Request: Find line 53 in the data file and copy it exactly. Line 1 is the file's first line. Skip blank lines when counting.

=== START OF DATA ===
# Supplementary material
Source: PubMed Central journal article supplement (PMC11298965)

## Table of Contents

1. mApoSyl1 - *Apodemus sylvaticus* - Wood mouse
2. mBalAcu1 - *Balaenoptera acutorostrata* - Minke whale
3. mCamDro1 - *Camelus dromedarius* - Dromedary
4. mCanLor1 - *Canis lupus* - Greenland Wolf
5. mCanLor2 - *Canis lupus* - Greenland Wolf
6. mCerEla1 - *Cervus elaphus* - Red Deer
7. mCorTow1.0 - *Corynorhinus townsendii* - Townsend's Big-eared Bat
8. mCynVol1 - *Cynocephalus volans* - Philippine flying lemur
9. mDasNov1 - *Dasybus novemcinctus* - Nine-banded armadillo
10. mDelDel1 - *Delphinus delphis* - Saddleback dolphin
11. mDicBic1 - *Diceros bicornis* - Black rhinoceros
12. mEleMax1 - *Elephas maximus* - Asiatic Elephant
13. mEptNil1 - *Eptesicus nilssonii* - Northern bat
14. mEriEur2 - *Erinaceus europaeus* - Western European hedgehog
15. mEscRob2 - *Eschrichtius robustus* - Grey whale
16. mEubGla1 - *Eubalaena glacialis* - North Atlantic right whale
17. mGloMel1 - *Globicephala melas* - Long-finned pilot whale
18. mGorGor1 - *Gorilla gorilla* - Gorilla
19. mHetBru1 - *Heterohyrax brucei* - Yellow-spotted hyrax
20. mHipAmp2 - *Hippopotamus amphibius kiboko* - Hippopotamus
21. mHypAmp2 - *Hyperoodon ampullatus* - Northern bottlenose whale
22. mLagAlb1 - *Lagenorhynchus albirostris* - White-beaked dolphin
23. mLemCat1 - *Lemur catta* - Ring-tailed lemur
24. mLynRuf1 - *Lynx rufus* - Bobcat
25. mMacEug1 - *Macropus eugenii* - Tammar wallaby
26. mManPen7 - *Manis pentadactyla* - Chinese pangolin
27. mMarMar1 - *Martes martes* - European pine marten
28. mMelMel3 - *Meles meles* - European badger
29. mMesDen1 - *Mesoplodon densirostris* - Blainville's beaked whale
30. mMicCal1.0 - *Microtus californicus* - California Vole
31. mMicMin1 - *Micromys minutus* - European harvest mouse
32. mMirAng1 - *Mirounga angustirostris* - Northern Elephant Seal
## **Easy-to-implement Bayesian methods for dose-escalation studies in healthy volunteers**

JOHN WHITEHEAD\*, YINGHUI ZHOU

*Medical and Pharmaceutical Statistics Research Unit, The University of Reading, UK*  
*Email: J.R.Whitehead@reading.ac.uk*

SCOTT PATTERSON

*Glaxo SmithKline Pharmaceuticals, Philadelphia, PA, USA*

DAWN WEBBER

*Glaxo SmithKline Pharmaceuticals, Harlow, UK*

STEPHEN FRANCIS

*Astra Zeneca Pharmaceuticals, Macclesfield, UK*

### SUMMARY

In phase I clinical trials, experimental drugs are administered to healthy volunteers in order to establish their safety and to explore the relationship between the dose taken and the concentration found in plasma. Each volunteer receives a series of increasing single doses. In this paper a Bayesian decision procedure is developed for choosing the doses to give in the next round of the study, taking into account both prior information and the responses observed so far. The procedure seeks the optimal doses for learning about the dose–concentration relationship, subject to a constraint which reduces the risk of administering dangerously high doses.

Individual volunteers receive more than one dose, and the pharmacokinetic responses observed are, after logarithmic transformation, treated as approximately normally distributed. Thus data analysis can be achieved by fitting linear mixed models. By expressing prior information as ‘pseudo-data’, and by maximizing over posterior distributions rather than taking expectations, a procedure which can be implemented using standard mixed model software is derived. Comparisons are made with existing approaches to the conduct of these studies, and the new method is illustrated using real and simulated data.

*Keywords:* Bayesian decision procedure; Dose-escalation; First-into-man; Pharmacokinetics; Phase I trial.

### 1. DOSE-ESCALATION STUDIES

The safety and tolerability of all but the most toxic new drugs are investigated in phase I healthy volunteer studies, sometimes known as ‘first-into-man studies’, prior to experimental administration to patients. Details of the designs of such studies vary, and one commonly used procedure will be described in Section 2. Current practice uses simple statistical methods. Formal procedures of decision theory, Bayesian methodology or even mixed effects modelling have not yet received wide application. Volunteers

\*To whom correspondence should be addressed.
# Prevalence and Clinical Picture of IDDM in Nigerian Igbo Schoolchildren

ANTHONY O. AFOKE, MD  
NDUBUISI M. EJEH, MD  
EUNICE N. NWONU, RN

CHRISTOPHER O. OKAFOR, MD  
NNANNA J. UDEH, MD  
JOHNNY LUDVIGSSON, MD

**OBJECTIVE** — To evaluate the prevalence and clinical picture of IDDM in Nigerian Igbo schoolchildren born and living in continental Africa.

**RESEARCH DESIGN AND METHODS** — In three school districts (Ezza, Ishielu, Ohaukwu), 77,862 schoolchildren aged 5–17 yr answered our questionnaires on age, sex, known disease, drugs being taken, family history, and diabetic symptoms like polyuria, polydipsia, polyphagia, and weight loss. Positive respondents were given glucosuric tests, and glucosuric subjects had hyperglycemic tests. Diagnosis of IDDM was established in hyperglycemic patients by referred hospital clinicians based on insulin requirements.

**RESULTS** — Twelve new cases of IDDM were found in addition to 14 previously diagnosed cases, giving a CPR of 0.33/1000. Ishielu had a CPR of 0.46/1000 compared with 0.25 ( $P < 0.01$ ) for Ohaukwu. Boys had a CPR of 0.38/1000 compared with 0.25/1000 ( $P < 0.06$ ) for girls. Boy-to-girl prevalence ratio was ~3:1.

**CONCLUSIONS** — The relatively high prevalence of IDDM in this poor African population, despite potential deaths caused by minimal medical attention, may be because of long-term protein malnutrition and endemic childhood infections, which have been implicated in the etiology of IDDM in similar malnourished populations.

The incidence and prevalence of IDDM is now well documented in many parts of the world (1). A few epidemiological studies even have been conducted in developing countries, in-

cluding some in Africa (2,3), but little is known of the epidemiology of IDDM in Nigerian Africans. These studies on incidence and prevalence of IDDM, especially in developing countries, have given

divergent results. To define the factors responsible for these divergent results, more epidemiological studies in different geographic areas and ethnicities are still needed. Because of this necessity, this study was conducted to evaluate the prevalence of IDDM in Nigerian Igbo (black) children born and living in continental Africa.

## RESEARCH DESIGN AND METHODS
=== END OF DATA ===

# Prevalence and Clinical Picture of IDDM in Nigerian Igbo Schoolchildren